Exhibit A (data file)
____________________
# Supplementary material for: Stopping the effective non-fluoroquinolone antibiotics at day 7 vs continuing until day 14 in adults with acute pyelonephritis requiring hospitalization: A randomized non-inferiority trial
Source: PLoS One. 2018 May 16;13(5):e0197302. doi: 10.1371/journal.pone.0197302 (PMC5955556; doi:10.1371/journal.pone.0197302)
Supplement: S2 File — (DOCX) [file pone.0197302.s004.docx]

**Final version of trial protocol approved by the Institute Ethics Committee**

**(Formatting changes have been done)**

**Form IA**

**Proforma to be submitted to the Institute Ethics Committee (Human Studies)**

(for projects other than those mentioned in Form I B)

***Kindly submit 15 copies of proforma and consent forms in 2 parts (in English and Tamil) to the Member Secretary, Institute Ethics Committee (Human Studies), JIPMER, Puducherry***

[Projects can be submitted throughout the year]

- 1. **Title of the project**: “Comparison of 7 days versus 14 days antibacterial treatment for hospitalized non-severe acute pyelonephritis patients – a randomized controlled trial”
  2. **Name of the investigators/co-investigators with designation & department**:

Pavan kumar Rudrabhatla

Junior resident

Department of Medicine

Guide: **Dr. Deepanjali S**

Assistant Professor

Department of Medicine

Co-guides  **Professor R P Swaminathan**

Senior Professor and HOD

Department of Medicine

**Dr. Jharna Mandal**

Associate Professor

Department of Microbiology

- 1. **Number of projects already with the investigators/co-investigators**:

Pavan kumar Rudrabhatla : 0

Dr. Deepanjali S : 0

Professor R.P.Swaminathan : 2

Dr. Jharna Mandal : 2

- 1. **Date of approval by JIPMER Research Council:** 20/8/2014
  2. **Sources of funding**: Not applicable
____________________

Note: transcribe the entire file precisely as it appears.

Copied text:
# Supplementary material for: Stopping the effective non-fluoroquinolone antibiotics at day 7 vs continuing until day 14 in adults with acute pyelonephritis requiring hospitalization: A randomized non-inferiority trial
Source: PLoS One. 2018 May 16;13(5):e0197302. doi: 10.1371/journal.pone.0197302 (PMC5955556; doi:10.1371/journal.pone.0197302)
Supplement: S2 File — (DOCX) [file pone.0197302.s004.docx]

**Final version of trial protocol approved by the Institute Ethics Committee**

**(Formatting changes have been done)**

**Form IA**

**Proforma to be submitted to the Institute Ethics Committee (Human Studies)**

(for projects other than those mentioned in Form I B)

***Kindly submit 15 copies of proforma and consent forms in 2 parts (in English and Tamil) to the Member Secretary, Institute Ethics Committee (Human Studies), JIPMER, Puducherry***

[Projects can be submitted throughout the year]

- 1. **Title of the project**: “Comparison of 7 days versus 14 days antibacterial treatment for hospitalized non-severe acute pyelonephritis patients – a randomized controlled trial”
  2. **Name of the investigators/co-investigators with designation & department**:

Pavan kumar Rudrabhatla

Junior resident

Department of Medicine

Guide: **Dr. Deepanjali S**

Assistant Professor

Department of Medicine

Co-guides  **Professor R P Swaminathan**

Senior Professor and HOD

Department of Medicine

**Dr. Jharna Mandal**

Associate Professor

Department of Microbiology

- 1. **Number of projects already with the investigators/co-investigators**:

Pavan kumar Rudrabhatla : 0

Dr. Deepanjali S : 0

Professor R.P.Swaminathan : 2

Dr. Jharna Mandal : 2

- 1. **Date of approval by JIPMER Research Council:** 20/8/2014
  2. **Sources of funding**: Not applicable